Bill Belichick isn’t messing around this week. The Chargers are coming to town for a playoff matchup with the Patriots, and they have Belichick’s full attention.
“This is a very good football team,” Belichick said Monday. “Extremely talented. They can run it. They can throw it deep. They can throw it short. They can make explosive runs for 50 yards and they can grind it out with good, tough, hard-nosed runs for tough yardage that they need. It’s a very well-coached, well-balanced, disciplined football team.”
The Patriots and Chargers have played just twice in the last five seasons, and Belichick has faced Chargers coach Anthony Lynn only once in Lynn’s two seasons. But there is some familiarity between the teams.
The Patriots have faced quarterback Philip Rivers eight times in his 13 years as a starter, compiling a 7-1 record (his only win came over Matt Cassel in 2008). They are familiar with defensive coordinator Gus Bradley, who runs the same Seattle Cover 3 scheme that the Patriots faced against the Seahawks and Falcons in Super Bowls.
And last year’s Patriots-Chargers game in Week 8, a 21-13 Patriots victory, has a lot of carryover. The coaches and schemes are the same, and so are many of the players. The NFL usually changes significantly from year to year, but this is as close to a rematch as you will get.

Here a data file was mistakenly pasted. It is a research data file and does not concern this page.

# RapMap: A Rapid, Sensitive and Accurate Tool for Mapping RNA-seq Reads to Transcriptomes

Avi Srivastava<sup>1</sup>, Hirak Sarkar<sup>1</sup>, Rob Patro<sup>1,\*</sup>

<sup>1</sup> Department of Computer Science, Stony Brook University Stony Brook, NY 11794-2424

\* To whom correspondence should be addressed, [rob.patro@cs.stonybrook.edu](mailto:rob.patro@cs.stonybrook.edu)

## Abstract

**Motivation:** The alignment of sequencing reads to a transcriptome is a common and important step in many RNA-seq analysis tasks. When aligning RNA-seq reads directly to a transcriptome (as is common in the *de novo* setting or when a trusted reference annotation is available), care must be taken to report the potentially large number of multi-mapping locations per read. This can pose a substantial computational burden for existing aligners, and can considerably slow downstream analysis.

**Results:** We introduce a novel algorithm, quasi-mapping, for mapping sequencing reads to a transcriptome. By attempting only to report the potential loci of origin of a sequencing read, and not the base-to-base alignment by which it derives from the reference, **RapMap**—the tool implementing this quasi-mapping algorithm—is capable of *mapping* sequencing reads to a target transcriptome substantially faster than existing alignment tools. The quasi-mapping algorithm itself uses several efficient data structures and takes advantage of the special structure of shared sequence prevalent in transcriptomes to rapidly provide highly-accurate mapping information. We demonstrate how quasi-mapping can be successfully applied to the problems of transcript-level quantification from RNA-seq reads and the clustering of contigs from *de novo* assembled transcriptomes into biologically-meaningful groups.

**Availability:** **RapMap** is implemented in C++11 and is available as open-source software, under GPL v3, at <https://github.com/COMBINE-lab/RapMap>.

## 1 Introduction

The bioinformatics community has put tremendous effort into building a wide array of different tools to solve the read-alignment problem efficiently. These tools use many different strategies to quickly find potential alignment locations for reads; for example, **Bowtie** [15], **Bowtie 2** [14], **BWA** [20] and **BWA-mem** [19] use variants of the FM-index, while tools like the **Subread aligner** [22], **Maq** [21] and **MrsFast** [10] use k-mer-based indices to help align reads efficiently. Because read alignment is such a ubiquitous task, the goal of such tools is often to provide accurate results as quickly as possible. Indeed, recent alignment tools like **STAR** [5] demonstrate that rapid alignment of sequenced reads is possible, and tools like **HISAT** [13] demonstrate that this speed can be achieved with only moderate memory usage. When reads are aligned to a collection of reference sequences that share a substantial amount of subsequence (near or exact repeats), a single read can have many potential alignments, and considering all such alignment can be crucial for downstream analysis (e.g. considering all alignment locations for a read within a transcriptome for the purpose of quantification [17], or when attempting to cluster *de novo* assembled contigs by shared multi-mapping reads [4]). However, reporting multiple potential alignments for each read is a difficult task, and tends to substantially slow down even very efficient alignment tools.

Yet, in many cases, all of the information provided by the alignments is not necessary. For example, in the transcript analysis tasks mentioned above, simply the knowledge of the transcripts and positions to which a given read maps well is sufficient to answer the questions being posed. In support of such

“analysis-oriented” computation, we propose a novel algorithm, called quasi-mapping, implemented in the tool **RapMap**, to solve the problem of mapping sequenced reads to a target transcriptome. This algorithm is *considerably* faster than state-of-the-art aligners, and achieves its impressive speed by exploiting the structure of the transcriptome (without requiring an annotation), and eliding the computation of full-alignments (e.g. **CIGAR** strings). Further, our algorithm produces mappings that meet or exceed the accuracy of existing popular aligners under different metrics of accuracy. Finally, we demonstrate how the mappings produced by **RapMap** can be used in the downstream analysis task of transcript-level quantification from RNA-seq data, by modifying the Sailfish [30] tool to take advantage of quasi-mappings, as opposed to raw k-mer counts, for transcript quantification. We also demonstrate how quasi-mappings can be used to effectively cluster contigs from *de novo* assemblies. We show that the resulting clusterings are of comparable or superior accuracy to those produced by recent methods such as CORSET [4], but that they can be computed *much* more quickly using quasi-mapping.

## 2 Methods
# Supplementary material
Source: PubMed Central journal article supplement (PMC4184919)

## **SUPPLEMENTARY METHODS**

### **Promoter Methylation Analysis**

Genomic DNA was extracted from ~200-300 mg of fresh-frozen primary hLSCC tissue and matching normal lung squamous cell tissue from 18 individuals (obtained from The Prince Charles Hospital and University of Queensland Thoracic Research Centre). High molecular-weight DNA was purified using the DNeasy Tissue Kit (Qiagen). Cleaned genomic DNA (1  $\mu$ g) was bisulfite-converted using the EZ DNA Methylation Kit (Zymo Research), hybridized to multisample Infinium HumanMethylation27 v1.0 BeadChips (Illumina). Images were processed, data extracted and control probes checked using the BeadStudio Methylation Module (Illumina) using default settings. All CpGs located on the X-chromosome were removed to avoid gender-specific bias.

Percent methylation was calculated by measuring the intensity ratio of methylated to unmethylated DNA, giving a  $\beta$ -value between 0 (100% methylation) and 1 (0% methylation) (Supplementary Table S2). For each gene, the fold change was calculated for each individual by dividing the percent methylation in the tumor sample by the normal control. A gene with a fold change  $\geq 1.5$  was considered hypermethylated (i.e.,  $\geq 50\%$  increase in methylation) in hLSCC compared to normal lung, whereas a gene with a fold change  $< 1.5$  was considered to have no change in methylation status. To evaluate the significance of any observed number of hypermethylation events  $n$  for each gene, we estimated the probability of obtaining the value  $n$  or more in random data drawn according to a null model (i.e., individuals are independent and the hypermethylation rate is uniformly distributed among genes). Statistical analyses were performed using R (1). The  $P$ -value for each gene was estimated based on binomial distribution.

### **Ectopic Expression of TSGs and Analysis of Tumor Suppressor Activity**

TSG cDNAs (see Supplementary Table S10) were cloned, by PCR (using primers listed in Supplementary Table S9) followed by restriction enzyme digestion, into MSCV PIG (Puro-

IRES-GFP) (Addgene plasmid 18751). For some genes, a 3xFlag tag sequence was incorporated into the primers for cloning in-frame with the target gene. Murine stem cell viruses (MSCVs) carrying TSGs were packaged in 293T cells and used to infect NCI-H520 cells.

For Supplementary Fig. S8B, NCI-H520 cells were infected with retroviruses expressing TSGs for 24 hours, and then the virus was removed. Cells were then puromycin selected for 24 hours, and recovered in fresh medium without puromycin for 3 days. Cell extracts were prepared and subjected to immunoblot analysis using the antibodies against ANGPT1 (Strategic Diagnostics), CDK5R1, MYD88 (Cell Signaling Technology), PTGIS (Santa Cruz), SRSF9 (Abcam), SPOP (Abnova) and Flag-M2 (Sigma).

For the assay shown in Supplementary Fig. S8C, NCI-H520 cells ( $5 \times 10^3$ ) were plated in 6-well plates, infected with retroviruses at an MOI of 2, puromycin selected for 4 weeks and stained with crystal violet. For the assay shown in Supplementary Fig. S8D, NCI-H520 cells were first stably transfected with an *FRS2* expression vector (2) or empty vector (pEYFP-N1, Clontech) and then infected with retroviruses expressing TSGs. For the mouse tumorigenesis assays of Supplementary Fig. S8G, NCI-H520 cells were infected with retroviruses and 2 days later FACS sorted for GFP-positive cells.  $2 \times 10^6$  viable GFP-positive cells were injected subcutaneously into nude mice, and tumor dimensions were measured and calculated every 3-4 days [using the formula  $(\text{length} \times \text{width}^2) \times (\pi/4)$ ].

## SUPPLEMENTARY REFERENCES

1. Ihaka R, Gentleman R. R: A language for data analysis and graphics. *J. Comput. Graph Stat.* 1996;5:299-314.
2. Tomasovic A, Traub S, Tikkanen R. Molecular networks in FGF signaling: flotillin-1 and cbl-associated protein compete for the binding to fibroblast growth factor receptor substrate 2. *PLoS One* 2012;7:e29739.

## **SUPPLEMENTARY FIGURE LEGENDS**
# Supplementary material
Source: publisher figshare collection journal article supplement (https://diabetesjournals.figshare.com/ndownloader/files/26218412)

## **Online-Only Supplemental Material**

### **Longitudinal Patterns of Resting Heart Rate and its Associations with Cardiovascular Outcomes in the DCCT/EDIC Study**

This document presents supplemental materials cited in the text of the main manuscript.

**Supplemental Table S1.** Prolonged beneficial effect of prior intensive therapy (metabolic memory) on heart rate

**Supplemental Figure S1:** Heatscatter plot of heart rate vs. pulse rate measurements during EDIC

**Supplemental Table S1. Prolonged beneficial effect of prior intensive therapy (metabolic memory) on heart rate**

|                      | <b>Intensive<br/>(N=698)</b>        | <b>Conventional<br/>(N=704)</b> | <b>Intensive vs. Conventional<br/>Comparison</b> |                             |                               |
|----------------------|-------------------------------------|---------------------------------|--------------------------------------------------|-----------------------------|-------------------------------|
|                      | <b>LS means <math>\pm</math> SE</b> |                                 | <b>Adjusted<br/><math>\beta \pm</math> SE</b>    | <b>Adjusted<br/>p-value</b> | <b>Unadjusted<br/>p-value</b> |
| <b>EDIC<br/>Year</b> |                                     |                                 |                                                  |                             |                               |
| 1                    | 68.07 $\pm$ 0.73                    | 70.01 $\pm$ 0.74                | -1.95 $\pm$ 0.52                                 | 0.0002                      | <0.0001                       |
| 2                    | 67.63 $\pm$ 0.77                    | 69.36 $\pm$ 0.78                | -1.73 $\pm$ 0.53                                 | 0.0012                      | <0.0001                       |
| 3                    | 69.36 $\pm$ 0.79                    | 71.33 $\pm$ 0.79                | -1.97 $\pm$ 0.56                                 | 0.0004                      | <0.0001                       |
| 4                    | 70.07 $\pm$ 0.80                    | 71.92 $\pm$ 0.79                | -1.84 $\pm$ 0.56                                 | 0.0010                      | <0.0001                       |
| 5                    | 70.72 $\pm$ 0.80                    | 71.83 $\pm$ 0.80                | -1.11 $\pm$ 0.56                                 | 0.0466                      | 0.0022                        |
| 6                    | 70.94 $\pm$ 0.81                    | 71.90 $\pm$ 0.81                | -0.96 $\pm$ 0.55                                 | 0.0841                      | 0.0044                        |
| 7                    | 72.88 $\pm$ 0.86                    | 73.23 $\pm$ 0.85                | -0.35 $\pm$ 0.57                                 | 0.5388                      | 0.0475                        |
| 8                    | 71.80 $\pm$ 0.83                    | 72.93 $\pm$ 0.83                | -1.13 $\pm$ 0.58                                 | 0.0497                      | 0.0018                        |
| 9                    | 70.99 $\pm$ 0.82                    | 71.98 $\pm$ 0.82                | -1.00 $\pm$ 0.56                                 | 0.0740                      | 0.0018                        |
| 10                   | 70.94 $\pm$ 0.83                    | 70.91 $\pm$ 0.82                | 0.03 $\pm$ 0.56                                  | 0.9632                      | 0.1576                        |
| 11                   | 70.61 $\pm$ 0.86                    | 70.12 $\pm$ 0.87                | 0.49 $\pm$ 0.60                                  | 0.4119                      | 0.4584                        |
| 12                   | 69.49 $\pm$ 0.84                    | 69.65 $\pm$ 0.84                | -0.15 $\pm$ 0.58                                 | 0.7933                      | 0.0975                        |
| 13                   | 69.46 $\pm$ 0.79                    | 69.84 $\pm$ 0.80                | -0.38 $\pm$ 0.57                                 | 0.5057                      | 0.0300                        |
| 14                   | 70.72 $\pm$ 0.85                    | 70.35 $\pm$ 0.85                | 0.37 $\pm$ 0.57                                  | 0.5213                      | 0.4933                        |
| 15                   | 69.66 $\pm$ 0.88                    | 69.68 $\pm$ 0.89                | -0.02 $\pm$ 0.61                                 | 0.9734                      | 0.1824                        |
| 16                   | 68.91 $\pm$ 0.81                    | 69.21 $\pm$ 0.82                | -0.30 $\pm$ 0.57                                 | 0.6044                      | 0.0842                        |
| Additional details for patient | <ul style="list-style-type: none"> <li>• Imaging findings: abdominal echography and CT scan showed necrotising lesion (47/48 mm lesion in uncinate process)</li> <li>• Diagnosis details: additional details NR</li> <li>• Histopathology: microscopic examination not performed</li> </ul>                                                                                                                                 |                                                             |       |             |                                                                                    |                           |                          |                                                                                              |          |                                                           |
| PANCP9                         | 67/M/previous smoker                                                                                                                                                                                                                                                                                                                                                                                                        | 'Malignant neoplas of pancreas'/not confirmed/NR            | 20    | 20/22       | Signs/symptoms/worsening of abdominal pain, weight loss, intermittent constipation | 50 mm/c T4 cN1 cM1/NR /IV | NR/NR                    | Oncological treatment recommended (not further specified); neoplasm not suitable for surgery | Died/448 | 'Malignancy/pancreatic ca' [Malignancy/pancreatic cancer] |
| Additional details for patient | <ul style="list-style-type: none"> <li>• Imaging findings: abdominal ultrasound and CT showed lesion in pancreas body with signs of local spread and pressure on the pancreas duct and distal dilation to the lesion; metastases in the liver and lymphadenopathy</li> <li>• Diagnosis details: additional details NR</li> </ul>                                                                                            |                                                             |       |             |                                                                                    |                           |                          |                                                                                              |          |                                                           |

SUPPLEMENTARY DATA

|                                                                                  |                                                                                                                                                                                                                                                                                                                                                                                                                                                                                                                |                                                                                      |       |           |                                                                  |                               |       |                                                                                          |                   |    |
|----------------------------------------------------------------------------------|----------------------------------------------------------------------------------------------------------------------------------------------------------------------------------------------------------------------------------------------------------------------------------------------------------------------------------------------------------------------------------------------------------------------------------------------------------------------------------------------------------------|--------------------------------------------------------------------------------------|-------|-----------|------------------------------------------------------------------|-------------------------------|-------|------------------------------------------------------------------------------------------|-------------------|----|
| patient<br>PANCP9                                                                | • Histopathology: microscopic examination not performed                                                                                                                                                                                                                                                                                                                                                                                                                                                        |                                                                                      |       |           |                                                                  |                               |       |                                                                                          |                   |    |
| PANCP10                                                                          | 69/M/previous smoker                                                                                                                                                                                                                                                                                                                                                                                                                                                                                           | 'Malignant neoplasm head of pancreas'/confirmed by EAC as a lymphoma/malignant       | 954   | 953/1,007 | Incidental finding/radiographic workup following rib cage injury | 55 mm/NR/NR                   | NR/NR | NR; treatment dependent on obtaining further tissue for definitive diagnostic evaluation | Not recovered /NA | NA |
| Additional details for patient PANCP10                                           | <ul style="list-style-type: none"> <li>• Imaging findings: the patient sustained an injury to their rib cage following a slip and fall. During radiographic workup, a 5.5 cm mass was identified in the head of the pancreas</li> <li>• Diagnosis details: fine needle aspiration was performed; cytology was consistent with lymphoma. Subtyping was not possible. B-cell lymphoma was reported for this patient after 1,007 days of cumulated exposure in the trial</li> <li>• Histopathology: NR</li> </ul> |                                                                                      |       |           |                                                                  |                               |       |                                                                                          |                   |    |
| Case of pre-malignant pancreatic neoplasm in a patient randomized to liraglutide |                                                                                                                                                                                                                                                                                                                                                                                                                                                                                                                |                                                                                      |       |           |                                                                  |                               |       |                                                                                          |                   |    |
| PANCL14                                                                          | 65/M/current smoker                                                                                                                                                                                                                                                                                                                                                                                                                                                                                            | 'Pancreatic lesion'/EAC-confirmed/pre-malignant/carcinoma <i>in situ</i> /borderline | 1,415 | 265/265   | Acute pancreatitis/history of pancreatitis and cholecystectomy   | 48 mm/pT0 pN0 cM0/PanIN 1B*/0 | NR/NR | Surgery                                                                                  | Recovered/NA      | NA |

To get a better feel for the Chargers, we watched the All-22 tape from their final two regular-season games, a 22-10 loss to the Ravens and a 23-9 win over the Broncos, plus selected plays from the second half of the season.
Here is what to expect, and how the Patriots match up:
Coordinator: Ken Whisenhunt (third season).
Rankings: Sixth in points (26.8 per game), 11th in yards (372.6 per game).
Key personnel: QB Philip Rivers, RB Melvin Gordon, RB Austin Ekeler, WR Keenan Allen, WR Mike Williams, WR Tyrell Williams, TE Antonio Gates.
Injuries/lineup notes: TE Hunter Henry was activated off injured reserve Monday after missing the entire season with a torn ACL, and his role Sunday is unclear. Gordon is dealing with a left knee injury but is likely to play.
What to expect: Belichick wasn’t hyperbolizing about the Chargers offense. They weren’t elite in any one area but they were good across the board.